AdvaMed and MITA exit collaboration with non-OEM service stakeholders

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AdvaMed and MITA exit collaboration with non-OEM service stakeholders

por Gus Iversen, Editor in Chief | May 20, 2020
Business Affairs HTM Parts And Service
FDA headquarters in Silver Spring, MD
In a setback for improved cooperation between different medical equipment service stakeholders, two of the leading manufacturer trade groups, the Medical Imaging & Technology Alliance (MITA) and AdvaMed, have announced they will no longer be participating with in-house and independent service organizations in FDA-recommended Medical Device Servicing Collaborative Communities (MDSCC).

The collaborative community was called for in a highly anticipated 2018 FDA report, which capped off a two-year investigation finding evidence "not sufficient" to warrant increased regulation of non-OEM medical equipment service organizations. The communities were intended as an opportunity for different groups to forge ahead addressing the unique challenges they face, working together to resolve them.

"While we appreciated and supported FDA's aim of bringing together third-party servicers and manufacturers to address issues surrounding the safety of third-party servicing of medical devices, ultimately we did not feel the group made sufficient progress in basic organizational or other areas to justify AdvaMed's continued participation," an AdvaMed spokesperson told HCB News.

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In response to that statement, David Francoeur, senior vice president of marketing and sales at Tech Knowledge Associates, and a member of the MDSCC representing the non-OEM service viewpoint, said AdvaMed's reason for leaving mischaracterizes the FDA's aim in forming the collaboration to begin with, noting that the FDA was addressing quality and safety related to maintaining medical equipment as a whole — not third-party specifically.

In its own statement, MITA also commended the FDA's efforts, but added that "despite over a year of regular meetings and numerous attempts to find consensus, It has become clear that progress is unlikely any time soon, given the divergence of opinions held by participants, as well as the time constraints imposed on industry by the COVID-19 pandemic."

The divergence of opinion referenced by MITA has been well documented since 2016, when the FDA first launched its investigation.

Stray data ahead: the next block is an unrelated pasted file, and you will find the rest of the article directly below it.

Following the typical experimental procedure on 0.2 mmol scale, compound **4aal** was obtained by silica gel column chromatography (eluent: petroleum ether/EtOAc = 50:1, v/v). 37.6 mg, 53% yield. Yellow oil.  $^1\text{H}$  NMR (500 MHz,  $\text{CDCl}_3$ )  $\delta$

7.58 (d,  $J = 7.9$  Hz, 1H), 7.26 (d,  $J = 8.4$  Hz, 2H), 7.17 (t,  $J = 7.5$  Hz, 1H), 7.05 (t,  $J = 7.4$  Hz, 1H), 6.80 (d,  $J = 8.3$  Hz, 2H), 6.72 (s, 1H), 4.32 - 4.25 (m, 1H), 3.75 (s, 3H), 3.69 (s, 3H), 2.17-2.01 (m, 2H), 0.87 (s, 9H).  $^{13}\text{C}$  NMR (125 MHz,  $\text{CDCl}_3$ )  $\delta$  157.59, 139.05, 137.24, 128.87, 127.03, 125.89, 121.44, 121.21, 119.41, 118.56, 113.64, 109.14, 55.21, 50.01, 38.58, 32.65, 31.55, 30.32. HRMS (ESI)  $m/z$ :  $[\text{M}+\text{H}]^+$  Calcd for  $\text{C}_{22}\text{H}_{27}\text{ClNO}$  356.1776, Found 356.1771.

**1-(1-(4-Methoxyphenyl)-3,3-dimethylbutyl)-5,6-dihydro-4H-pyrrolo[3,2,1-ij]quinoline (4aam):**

By and large, OEMs have taken the position that non-OEM service lacks oversight and represents a safety hazard. In a 2018 opinion piece for HCB News, Patrick Hope, the executive director of MITA, wrote, "While we agree with many FDA findings, we reach a far different conclusion on this one," and called for ending the "regulatory void" by passing legislation in Congress that would increase third-party oversight.
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(1)

Wayne Webster

It's my way or the highway

May 22, 2020 10:55

AdvaMed and MITA representing their masters, the OEM's, had one goal from the start and that was to remove third parties service organizations from the market mix leaving the OEM's with a monopoly. With this monopoly in place the OEM's knew they could control pricing and the life-time of equipment. With the independents serving the market the OEM's knew they would have complete freedom to raise prices and declare end of life forcing replacement equipment purchases. The Federal Trade Commission should be looking at these deceptive practices as a result of this refusal by the OEM's to participate in the community and act accordingly.

Our health care systems are stressed enough without further needless expense being added by the OEM's. Their actions and the tantrum thrown, withdrawing from the collaborative community effort, is evidence they, the OEM's, had no interest in participating from the outset.

FDA should move immediately to require OEM's to provide the information needed to maintain and repair the equipment they sell or forfeit the right to participate in the marketplace.

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Gerald McNeil

AdvaMed and MITA exit collaboration

May 22, 2020 10:55

It's my simple opinion that OEM's are merely attempting to protect their precious service income trying to block out independent service provides and in-house groups. I've been working in the Biomed field for 14 years in an in-house group and we've very successfully taken over many OEM service contracts with qualified BMETs and not once have we caused any harm to a patient because of lack of knowledge. One of the biggest obstacles is the lack of cooperation from OEMs under the guise of safety and protecting the patient, more like protecting their bottom dollar!

Thanks,

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